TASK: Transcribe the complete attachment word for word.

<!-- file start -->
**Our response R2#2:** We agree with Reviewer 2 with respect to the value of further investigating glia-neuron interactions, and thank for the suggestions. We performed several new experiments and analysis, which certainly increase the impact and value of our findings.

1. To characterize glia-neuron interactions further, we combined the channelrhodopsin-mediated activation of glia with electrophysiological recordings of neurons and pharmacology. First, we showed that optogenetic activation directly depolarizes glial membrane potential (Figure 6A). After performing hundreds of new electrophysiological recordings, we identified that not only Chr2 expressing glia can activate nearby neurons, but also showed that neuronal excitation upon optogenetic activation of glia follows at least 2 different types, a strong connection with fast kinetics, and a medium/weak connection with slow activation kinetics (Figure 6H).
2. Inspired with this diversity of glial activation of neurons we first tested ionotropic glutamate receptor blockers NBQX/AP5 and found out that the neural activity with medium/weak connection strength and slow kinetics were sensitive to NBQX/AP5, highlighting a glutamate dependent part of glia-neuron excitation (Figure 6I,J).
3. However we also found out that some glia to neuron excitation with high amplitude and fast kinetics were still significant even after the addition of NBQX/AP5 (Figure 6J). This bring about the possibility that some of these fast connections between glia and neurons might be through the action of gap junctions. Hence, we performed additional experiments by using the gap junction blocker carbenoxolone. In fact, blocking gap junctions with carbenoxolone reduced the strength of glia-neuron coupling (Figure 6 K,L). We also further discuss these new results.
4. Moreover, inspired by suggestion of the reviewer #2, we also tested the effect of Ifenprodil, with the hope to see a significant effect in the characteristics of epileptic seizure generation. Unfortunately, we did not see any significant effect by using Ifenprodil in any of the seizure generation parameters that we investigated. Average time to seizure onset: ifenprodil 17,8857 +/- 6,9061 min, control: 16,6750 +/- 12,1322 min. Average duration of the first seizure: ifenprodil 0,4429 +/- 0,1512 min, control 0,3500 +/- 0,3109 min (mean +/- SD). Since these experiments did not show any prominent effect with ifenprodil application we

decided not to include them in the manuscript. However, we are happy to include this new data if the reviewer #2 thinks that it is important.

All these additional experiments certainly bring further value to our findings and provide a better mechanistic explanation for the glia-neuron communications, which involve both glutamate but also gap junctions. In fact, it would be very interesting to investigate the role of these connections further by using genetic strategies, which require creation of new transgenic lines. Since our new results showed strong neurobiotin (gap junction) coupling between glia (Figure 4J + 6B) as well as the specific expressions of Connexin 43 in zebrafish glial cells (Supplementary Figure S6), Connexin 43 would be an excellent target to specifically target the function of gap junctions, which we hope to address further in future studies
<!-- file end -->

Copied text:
**Our response R2#2:** We agree with Reviewer 2 with respect to the value of further investigating glia-neuron interactions, and thank for the suggestions. We performed several new experiments and analysis, which certainly increase the impact and value of our findings.

1. To characterize glia-neuron interactions further, we combined the channelrhodopsin-mediated activation of glia with electrophysiological recordings of neurons and pharmacology. First, we showed that optogenetic activation directly depolarizes glial membrane potential (Figure 6A). After performing hundreds of new electrophysiological recordings, we identified that not only Chr2 expressing glia can activate nearby neurons, but also showed that neuronal excitation upon optogenetic activation of glia follows at least 2 different types, a strong connection with fast kinetics, and a medium/weak connection with slow activation kinetics (Figure 6H).
2. Inspired with this diversity of glial activation of neurons we first tested ionotropic glutamate receptor blockers NBQX/AP5 and found out that the neural activity with medium/weak connection strength and slow kinetics were sensitive to NBQX/AP5, highlighting a glutamate dependent part of glia-neuron excitation (Figure 6I,J).
3. However we also found out that some glia to neuron excitation with high amplitude and fast kinetics were still significant even after the addition of NBQX/AP5 (Figure 6J). This bring about the possibility that some of these fast connections between glia and neurons might be through the action of gap junctions. Hence, we performed additional experiments by using the gap junction blocker carbenoxolone. In fact, blocking gap junctions with carbenoxolone reduced the strength of glia-neuron coupling (Figure 6 K,L). We also further discuss these new results.
4. Moreover, inspired by suggestion of the reviewer #2, we also tested the effect of Ifenprodil, with the hope to see a significant effect in the characteristics of epileptic seizure generation. Unfortunately, we did not see any significant effect by using Ifenprodil in any of the seizure generation parameters that we investigated. Average time to seizure onset: ifenprodil 17,8857 +/- 6,9061 min, control: 16,6750 +/- 12,1322 min. Average duration of the first seizure: ifenprodil 0,4429 +/- 0,1512 min, control 0,3500 +/- 0,3109 min (mean +/- SD). Since these experiments did not show any prominent effect with ifenprodil application we

decided not to include them in the manuscript. However, we are happy to include this new data if the reviewer #2 thinks that it is important.

All these additional experiments certainly bring further value to our findings and provide a better mechanistic explanation for the glia-neuron communications, which involve both glutamate but also gap junctions. In fact, it would be very interesting to investigate the role of these connections further by using genetic strategies, which require creation of new transgenic lines. Since our new results showed strong neurobiotin (gap junction) coupling between glia (Figure 4J + 6B) as well as the specific expressions of Connexin 43 in zebrafish glial cells (Supplementary Figure S6), Connexin 43 would be an excellent target to specifically target the function of gap junctions, which we hope to address further in future studies